LONDON Frexit, Grexit or jitters about Quitaly - existential threats to the euro are remote but investors are still looking for clever ways to protect themselves against the risk of a euro dropout.
Pricing in arcane reaches of bond markets and elsewhere shows investors are not taking chances.
Headlines have focused on France, where far-right candidate Marine Le Pen has promised to take France out of the euro zone in the event she surprises and wins the presidential election.
Kokou Agbo Bloua, global head of flow strategy and solutions at Societe Generale in London said there had been a "huge increase" from clients in ways to protect against political risk ahead of the French elections.
There are also renewed worries that the Greek crisis is about to rise up again and that Italy could see anti-euro politicians come to the fore in the next few years.
But traditional havens against such risk -- German bonds or the Swiss franc -- are already expensive, forcing investors to consider more inventive hedging alternatives. Here are a few:
1. Buy bonds linked to French inflation
A senior bonds trader at one of the world's biggest investment banks said he was advising clients to buy bonds linked to domestic inflation in countries seen at risk of leaving the euro zone.
If a country like France abandoned the euro, its new currency would probably devalue, he said, asking not to be named. That would boost consumer prices and, with that, returns on bonds linked to inflation.
2. Check your CACs and your CDS.
As most French government bonds are governed by national law, redenomination should not trigger a default. However, many investors remain fixated on the details of bond contracts.
Strategists at ABN AMRO said bonds with collective action clauses (CACs), which require a super-majority of investors to approve any changes to the debt, are in demand. CACs were inserted into all euro zone government bonds from 2013.
Such bonds have been outperforming others since last autumn, senior rates strategist Kim Liu said.
Similar price performances have appeared in the credit default swaps (CDS) market, where investors buy insurance against a country defaulting on its debt. CDS contracts drawn up since 2014 are seen as more likely to pay out in the event of redenomination than older ones.
3. Calendar spreads around French elections
One favored strategy is playing calendar spreads in the options market. This involves selling shorter-dated puts expiring in March or April, and buying longer-dated puts expiring in May and June.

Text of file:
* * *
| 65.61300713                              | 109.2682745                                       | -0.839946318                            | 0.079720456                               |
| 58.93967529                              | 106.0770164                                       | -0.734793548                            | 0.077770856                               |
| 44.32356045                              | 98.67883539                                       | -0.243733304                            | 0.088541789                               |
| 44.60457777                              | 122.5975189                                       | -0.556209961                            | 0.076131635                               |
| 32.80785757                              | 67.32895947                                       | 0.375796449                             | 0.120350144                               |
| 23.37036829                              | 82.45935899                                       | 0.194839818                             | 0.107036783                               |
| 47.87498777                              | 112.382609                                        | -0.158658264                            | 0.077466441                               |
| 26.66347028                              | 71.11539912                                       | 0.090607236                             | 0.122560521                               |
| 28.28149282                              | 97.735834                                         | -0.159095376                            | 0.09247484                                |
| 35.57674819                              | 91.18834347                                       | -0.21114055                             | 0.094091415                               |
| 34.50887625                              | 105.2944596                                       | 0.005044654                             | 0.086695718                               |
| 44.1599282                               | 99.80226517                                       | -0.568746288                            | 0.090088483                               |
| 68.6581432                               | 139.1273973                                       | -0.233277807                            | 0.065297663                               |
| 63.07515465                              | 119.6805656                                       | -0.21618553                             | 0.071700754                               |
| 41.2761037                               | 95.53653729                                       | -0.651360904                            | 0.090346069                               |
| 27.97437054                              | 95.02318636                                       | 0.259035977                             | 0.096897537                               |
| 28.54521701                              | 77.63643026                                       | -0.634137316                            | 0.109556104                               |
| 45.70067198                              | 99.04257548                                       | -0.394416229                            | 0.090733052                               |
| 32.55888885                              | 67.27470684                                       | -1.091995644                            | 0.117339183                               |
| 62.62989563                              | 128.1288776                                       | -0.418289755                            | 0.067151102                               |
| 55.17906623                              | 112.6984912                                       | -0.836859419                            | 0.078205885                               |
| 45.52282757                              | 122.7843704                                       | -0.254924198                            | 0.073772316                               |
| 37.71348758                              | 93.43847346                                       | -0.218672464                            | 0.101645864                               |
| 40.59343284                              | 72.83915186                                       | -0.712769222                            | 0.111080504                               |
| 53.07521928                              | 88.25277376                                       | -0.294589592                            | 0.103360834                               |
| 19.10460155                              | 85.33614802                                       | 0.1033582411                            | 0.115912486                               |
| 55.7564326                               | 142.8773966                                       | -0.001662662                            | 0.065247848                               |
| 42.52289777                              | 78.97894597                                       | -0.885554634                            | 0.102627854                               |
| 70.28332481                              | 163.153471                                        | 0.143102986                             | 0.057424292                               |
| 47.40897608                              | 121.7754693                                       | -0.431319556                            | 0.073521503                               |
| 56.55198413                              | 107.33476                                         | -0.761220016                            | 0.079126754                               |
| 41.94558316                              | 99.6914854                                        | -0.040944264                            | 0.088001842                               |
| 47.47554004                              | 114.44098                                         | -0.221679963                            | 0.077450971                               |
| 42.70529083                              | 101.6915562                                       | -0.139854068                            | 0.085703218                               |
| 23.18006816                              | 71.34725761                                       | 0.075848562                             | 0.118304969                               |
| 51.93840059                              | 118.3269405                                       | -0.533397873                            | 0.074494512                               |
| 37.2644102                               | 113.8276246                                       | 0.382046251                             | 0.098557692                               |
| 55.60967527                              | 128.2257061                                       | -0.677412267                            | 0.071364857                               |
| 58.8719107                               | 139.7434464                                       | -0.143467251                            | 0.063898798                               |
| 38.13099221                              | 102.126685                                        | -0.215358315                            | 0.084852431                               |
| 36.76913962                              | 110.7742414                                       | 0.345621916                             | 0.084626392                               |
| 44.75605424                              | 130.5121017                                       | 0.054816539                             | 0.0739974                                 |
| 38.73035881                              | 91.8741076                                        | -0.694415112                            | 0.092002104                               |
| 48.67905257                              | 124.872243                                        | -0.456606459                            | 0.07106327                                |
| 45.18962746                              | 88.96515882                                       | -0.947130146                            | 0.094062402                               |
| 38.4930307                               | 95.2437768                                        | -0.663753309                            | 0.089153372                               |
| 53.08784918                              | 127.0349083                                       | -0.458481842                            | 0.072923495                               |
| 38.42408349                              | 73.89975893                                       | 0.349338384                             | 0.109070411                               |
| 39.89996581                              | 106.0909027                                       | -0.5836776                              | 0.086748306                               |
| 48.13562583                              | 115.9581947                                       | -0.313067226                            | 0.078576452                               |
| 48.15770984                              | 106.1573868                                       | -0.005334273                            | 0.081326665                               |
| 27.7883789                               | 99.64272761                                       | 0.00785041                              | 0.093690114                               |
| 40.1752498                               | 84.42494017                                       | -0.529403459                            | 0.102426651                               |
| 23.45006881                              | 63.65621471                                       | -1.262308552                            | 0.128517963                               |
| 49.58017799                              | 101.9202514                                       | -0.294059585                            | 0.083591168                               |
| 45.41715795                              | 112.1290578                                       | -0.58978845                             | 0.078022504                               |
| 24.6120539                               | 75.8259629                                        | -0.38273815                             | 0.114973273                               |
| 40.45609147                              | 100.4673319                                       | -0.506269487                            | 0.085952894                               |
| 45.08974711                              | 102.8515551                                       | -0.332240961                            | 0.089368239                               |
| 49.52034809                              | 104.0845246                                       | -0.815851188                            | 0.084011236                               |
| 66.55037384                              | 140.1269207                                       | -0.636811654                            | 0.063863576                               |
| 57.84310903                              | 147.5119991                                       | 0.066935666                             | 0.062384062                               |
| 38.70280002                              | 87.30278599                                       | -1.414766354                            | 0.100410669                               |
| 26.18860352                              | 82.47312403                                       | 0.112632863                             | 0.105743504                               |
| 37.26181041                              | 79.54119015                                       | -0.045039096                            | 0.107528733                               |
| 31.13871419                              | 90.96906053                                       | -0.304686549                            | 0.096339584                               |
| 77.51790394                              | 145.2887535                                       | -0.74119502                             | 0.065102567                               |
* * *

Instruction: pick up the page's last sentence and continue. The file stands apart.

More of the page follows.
A put option gives the option-holder the right, but not the obligation, to sell the underlying asset at a specified time in the future. The calendar-spread strategy effectively offers the investor protection around the election.
"Clients are doing this on French government bonds, the euro, and in credit," , Societe Generale's Agbo Bloua said.
4. Buy euro and Swiss franc volatility
According to think tank World Economics, the euro is 6 percent overvalued for France, so a "Frexit" would probably trigger an initial depreciation.
A favored hedge among currency traders is to buy euro/dollar implied volatility via options protecting them against big price swings around the vote. Three-month implied volatility rose to match its highest levels since the aftermath of the Brexit vote in late February EUR3MO=, as demand increased.
Three-month implied volatility on the euro against the Swiss franc also jumped to its highest levels since Brexit last month EURCHF3MO=, betraying some nervousness that the Swiss National Bank might not be able to prevent the franc from appreciating.
5. Buy Danish crowns
Currency traders are also seeking shelter in less traditional places, with Denmark -- among a handful of countries with a triple-A credit rating, and with a large surplus in its balance of payments -- seen as providing a safe alternative.
Denmark's central bank was forced last month to defend its currency peg against the euro with the biggest intervention since Brexit, as investors the crown to an eight-month high EURDKK=D3.[L5N1GF5XN]
6. Buy long-dated puts on bank shares
Since the euro zone debt crisis, shares of the region's banks have become the instruments of choice for equity investors to express a macro view on the broader market.
Banks in Europe, which account for a much greater proportion of lending activity than their U.S. peers, are closely linked to the economic cycle. Shares are large and liquid enough to trade in and out of easily.
In both of last year's major political events in Europe -- the Brexit vote and the Italian referendum -- bank stocks were the most heavily traded and most volatile.
With global equity markets rallying to new highs and measures of volatility near record lows, options are cheaply priced. For investors looking to hedge against break-up risks, writing long-dated puts on euro zone banking shares could provide protection.
(Reporting by John Geddie, Jamie McGeever, Jemima Kelly and Vikram Subhedar; Additional reporting by Abhinav Ramnarayan and Patrick Graham; Editing by Nigel Stephenson and)